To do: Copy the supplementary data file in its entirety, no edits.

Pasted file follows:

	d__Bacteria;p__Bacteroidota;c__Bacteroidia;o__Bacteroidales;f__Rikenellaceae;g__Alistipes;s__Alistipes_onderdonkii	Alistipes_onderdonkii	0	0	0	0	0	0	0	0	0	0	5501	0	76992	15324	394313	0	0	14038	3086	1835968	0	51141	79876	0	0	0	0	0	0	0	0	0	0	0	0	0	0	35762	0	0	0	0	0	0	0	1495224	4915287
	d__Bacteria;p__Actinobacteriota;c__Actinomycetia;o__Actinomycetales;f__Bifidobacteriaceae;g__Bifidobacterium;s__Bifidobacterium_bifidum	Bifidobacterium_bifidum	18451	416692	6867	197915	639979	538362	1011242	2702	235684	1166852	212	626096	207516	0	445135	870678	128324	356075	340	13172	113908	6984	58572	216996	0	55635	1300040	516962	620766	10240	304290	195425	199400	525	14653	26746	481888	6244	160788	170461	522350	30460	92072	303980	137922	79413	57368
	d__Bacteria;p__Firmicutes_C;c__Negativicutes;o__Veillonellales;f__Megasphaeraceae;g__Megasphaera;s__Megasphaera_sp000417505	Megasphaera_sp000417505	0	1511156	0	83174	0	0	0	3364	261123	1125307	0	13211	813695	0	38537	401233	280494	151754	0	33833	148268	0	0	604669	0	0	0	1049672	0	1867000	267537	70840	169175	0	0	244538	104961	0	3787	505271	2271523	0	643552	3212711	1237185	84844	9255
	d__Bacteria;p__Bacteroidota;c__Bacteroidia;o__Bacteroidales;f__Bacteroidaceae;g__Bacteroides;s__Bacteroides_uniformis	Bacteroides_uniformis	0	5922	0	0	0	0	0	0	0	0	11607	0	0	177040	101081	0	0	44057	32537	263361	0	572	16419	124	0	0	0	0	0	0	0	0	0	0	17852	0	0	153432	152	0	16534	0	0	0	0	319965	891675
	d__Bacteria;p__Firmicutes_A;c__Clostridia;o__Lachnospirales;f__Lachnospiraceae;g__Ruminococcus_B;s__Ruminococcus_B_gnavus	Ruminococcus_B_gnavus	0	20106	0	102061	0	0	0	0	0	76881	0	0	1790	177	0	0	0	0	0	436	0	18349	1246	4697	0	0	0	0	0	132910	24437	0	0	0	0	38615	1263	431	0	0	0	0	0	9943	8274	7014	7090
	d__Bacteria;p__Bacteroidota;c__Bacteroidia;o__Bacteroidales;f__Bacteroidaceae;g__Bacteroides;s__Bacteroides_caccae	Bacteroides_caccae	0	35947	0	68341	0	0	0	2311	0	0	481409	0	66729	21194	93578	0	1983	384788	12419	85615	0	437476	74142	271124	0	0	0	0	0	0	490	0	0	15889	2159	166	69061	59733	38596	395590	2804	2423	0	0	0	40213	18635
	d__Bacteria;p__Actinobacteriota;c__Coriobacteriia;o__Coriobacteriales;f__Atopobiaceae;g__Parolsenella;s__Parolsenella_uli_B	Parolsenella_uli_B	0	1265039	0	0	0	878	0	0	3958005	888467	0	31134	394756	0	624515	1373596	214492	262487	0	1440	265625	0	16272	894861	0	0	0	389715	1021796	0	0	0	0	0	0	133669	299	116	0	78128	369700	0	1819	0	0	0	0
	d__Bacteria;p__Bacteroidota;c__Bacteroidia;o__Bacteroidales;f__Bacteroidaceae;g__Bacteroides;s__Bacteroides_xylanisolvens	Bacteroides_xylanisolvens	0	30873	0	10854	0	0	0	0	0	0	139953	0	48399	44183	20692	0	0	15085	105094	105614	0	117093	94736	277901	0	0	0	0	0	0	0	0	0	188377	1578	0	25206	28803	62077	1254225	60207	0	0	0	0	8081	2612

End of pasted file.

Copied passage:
	d__Bacteria;p__Bacteroidota;c__Bacteroidia;o__Bacteroidales;f__Rikenellaceae;g__Alistipes;s__Alistipes_onderdonkii	Alistipes_onderdonkii	0	0	0	0	0	0	0	0	0	0	5501	0	76992	15324	394313	0	0	14038	3086	1835968	0	51141	79876	0	0	0	0	0	0	0	0	0	0	0	0	0	0	35762	0	0	0	0	0	0	0	1495224	4915287
	d__Bacteria;p__Actinobacteriota;c__Actinomycetia;o__Actinomycetales;f__Bifidobacteriaceae;g__Bifidobacterium;s__Bifidobacterium_bifidum	Bifidobacterium_bifidum	18451	416692	6867	197915	639979	538362	1011242	2702	235684	1166852	212	626096	207516	0	445135	870678	128324	356075	340	13172	113908	6984	58572	216996	0	55635	1300040	516962	620766	10240	304290	195425	199400	525	14653	26746	481888	6244	160788	170461	522350	30460	92072	303980	137922	79413	57368
	d__Bacteria;p__Firmicutes_C;c__Negativicutes;o__Veillonellales;f__Megasphaeraceae;g__Megasphaera;s__Megasphaera_sp000417505	Megasphaera_sp000417505	0	1511156	0	83174	0	0	0	3364	261123	1125307	0	13211	813695	0	38537	401233	280494	151754	0	33833	148268	0	0	604669	0	0	0	1049672	0	1867000	267537	70840	169175	0	0	244538	104961	0	3787	505271	2271523	0	643552	3212711	1237185	84844	9255
	d__Bacteria;p__Bacteroidota;c__Bacteroidia;o__Bacteroidales;f__Bacteroidaceae;g__Bacteroides;s__Bacteroides_uniformis	Bacteroides_uniformis	0	5922	0	0	0	0	0	0	0	0	11607	0	0	177040	101081	0	0	44057	32537	263361	0	572	16419	124	0	0	0	0	0	0	0	0	0	0	17852	0	0	153432	152	0	16534	0	0	0	0	319965	891675
	d__Bacteria;p__Firmicutes_A;c__Clostridia;o__Lachnospirales;f__Lachnospiraceae;g__Ruminococcus_B;s__Ruminococcus_B_gnavus	Ruminococcus_B_gnavus	0	20106	0	102061	0	0	0	0	0	76881	0	0	1790	177	0	0	0	0	0	436	0	18349	1246	4697	0	0	0	0	0	132910	24437	0	0	0	0	38615	1263	431	0	0	0	0	0	9943	8274	7014	7090
	d__Bacteria;p__Bacteroidota;c__Bacteroidia;o__Bacteroidales;f__Bacteroidaceae;g__Bacteroides;s__Bacteroides_caccae	Bacteroides_caccae	0	35947	0	68341	0	0	0	2311	0	0	481409	0	66729	21194	93578	0	1983	384788	12419	85615	0	437476	74142	271124	0	0	0	0	0	0	490	0	0	15889	2159	166	69061	59733	38596	395590	2804	2423	0	0	0	40213	18635
	d__Bacteria;p__Actinobacteriota;c__Coriobacteriia;o__Coriobacteriales;f__Atopobiaceae;g__Parolsenella;s__Parolsenella_uli_B	Parolsenella_uli_B	0	1265039	0	0	0	878	0	0	3958005	888467	0	31134	394756	0	624515	1373596	214492	262487	0	1440	265625	0	16272	894861	0	0	0	389715	1021796	0	0	0	0	0	0	133669	299	116	0	78128	369700	0	1819	0	0	0	0
	d__Bacteria;p__Bacteroidota;c__Bacteroidia;o__Bacteroidales;f__Bacteroidaceae;g__Bacteroides;s__Bacteroides_xylanisolvens	Bacteroides_xylanisolvens	0	30873	0	10854	0	0	0	0	0	0	139953	0	48399	44183	20692	0	0	15085	105094	105614	0	117093	94736	277901	0	0	0	0	0	0	0	0	0	188377	1578	0	25206	28803	62077	1254225	60207	0	0	0	0	8081	2612